A Surprising Chapman Brothers Acquisition at Oslo’s Idyllic Ekeberg Sculpture Park
It’s a damp, grey afternoon on the Oslo Fjord, where a small group huddles under umbrellas bearing the Ekebergparken logo to watch Jake Chapman as he pulls away a sheet shrouding Sturm und Drang (2014). This is one of three sculptures by the British artist and his brother/collaborator, Dinos, that were recently acquired by Ekebergparken, or Ekeberg Sculpture Park, and have now been unveiled for the spring season. Addressing the group, Chapman describes the work as “a bad approximation of something serious” and thus positions the piece—which continues the Chapman brothers’ long-standing raid on Francisco de Goya’s “Disasters of War” (1810–1820) imagery—as a test of the boundary between the profound and the absurd.
In a typically jarring juxtaposition of form and content, the Chapmans’ monumental bronze depicts a tree stump decorated with dismembered body parts that have been stripped to the bone. The addition of joke-shop trinkets brings the work further into the territory of the macabre; devil ears and a clown’s nose adorn the skeletons hanging from the tree, pushing the sombre pathos of Goya into the realm of the puerile. Chapman explains this as an attempt to “rob Goya’s original of its seriousness and scale”—which this new work undoubtedly achieves.
Installed near a bucolic manmade lake, the Chapmans’ artwork is an unsettling sight—a rupture within this carefully constructed idyll. It’s an especially placement strange because Ekebergparken was originally conceived as a hymn to nature, beauty, and femininity. (Among the 30-some sculptures situated throughout the property, many represent the female form.) Arguably more at home in the park is Damien Hirst’s Anatomy of an Angel (2008), another recent acquisitions and a comfortable fit with the feminine theme. That work depicts a partially dissected angel and ticks the usual Hirst boxes of death, science, and religion, with a lack of vigor.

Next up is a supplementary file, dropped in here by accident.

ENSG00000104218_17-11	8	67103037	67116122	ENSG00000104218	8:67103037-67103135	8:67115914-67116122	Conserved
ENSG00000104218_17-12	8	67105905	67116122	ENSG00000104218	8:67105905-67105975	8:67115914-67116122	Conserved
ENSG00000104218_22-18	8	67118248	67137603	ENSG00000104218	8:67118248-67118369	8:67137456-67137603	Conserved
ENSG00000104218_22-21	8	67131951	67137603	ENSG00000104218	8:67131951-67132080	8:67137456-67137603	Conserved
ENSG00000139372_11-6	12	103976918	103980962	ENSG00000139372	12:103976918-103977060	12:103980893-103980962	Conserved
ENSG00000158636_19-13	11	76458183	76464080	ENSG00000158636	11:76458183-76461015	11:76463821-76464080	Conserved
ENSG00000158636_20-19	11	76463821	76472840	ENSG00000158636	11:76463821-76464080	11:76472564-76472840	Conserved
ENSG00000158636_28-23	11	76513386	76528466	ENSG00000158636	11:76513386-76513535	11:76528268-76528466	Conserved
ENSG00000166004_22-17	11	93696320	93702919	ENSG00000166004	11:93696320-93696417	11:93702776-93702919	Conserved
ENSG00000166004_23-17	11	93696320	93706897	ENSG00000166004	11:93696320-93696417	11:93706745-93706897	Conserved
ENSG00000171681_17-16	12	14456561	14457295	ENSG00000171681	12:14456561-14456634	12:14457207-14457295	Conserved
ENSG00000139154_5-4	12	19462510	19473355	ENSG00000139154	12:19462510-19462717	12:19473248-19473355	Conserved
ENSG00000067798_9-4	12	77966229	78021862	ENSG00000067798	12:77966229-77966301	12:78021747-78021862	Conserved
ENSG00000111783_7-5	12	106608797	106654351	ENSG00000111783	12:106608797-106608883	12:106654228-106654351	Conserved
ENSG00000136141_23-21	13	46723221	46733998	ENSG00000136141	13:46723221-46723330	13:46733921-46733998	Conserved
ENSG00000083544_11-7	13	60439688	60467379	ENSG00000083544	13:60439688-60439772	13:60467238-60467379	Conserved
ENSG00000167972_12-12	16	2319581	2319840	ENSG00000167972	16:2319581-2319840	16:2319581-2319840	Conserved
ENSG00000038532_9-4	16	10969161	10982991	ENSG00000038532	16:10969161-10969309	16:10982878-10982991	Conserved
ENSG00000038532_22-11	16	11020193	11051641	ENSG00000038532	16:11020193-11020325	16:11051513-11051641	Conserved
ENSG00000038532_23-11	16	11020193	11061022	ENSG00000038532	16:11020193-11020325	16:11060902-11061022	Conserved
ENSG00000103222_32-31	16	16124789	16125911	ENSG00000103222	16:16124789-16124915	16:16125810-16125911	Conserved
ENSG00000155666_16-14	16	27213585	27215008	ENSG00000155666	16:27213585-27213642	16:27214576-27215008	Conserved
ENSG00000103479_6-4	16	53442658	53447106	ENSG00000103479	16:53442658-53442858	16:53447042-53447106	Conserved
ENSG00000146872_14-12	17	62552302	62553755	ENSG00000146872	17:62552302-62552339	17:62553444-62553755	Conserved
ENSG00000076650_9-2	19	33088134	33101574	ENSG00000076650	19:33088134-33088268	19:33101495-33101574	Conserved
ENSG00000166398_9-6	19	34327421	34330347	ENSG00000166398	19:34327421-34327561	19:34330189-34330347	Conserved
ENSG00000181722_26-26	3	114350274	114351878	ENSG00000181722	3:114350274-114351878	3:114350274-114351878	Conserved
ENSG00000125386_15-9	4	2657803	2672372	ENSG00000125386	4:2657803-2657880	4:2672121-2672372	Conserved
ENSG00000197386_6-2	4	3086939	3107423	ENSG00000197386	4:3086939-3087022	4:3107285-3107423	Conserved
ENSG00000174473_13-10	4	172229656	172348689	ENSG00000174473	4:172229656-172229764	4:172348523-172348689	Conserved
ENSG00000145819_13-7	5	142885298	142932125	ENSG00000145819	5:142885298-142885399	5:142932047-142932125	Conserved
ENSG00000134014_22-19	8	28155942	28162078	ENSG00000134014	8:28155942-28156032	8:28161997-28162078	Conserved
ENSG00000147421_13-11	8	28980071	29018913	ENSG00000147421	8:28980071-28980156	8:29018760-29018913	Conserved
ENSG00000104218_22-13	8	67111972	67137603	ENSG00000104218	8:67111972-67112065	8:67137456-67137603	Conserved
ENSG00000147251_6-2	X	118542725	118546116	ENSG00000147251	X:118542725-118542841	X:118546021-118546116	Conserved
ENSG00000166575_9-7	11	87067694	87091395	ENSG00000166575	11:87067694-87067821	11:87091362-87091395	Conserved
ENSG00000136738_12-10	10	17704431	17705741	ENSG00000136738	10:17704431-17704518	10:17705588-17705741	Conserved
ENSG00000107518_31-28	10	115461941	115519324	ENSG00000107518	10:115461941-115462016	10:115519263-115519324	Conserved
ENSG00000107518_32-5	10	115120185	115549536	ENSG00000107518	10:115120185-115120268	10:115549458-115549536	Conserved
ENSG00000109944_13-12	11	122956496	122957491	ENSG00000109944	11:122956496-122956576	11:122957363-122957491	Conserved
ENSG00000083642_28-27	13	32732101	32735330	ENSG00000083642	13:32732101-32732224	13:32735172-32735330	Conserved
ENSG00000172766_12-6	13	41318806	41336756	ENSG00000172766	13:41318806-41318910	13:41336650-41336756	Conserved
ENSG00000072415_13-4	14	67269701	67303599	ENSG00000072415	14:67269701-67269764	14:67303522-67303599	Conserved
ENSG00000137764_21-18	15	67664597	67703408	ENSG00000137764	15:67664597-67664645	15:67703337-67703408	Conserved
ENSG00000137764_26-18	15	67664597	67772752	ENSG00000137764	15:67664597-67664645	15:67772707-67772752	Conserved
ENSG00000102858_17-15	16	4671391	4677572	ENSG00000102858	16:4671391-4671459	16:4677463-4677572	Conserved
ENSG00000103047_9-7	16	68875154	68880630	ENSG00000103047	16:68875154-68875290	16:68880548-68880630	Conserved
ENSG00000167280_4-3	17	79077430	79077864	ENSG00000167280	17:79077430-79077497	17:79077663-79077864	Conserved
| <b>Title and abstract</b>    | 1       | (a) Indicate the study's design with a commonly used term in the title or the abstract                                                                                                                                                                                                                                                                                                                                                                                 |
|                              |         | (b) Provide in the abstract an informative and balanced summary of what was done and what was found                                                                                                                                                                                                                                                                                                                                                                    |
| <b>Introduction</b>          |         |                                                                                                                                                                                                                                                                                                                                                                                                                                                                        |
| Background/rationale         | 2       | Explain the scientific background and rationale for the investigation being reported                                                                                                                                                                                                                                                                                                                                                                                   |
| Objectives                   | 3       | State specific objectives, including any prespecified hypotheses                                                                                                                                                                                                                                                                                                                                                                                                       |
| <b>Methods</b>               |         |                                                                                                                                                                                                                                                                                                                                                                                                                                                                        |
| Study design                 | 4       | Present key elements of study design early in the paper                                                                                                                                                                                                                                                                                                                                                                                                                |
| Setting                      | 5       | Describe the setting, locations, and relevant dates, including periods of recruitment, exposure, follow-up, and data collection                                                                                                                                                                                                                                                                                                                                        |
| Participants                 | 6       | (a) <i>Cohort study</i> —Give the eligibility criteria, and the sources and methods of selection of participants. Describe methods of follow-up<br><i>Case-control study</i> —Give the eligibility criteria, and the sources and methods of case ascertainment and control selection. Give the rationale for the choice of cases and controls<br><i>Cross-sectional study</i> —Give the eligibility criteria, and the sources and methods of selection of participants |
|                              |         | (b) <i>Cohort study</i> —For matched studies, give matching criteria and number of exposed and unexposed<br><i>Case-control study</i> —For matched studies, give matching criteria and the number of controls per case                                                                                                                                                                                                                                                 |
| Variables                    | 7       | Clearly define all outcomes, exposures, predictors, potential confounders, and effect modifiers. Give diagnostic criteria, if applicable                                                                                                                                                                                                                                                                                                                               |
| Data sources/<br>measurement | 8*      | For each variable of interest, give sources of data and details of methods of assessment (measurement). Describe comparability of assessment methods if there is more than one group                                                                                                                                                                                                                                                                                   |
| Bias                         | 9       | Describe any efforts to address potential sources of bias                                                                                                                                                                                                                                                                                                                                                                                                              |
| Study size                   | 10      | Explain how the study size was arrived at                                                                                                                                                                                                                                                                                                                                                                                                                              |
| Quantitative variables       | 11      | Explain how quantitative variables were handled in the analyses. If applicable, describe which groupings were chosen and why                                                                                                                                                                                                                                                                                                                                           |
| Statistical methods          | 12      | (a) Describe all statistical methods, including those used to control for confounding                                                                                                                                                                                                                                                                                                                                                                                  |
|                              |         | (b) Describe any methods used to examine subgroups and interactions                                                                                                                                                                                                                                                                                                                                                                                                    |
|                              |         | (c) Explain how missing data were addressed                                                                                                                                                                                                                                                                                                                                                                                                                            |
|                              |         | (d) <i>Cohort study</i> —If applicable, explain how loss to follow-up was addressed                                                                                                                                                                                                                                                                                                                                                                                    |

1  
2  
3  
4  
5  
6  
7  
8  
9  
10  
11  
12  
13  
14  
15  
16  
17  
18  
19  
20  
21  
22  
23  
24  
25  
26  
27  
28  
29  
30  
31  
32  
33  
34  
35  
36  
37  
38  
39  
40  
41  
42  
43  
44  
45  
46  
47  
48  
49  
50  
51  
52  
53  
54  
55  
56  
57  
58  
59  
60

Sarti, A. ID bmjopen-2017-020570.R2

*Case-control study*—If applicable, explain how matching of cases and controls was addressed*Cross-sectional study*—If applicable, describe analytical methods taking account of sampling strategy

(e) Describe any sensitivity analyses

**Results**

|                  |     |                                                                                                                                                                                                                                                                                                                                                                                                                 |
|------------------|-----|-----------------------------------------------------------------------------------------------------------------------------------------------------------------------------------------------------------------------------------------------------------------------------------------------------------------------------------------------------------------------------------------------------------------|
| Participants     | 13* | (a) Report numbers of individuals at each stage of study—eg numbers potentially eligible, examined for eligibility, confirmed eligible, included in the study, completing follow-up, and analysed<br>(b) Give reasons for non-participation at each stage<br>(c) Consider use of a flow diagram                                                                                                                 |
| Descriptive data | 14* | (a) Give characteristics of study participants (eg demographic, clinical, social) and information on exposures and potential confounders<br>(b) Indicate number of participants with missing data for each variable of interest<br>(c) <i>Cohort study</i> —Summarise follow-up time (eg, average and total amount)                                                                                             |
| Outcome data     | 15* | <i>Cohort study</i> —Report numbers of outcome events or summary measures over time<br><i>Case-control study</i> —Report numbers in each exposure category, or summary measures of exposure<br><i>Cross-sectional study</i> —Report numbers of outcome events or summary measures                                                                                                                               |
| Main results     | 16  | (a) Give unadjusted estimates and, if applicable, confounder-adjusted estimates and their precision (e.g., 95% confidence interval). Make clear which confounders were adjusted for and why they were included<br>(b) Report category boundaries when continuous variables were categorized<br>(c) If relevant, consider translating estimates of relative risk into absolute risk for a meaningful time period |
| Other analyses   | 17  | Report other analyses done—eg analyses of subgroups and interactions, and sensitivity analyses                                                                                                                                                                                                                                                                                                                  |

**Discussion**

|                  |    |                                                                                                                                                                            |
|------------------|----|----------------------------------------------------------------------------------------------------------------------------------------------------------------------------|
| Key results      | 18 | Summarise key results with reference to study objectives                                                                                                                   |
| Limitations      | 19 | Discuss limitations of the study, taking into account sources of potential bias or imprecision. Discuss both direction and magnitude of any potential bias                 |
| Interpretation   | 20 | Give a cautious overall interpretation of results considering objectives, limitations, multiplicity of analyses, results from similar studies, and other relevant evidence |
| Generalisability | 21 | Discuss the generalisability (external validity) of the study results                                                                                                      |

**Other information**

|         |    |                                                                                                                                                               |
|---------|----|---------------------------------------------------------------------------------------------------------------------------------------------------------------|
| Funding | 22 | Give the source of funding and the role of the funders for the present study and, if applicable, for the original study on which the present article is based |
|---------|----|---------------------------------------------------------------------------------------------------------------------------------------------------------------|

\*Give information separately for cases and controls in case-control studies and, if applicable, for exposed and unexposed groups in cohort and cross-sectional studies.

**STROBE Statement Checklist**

Set within 63 acres of land, Ekebergparken opened to the public in 2013 as a gift to the city of Oslo from Christian Ringnes, an eccentric real-estate tycoon who began collecting art at age 21. Ringnes envisioned that the park would set itself apart from others of its type (Vigeland park, also in Oslo, in particular) by way of a unifying theme: “a homage to femininity.” This leitmotif has since been modified to read more inclusively as a celebration of “femininity in all its facets,” a rebranding initiated by a small advisory committee of art historians, sculptors, and employees of Ringnes’s foundation.
Managing director Ina Johannesen joined Ekebergparken’s staff when it was agreed that a series of site-specific works would be commissioned. Since then, she has since overseen the installation of contributions by Dan Graham and James Turrell, among others. Located underneath the manmade lake, Turrell’s Skyspace: The Color Beneath is one of the greatest successes of the park: a glowing vault transformed by neon light leads to the main chamber, and then that warm and earthy space beholds the framed sky and encourages conscious engagement, gracefully facilitating a communion with nature.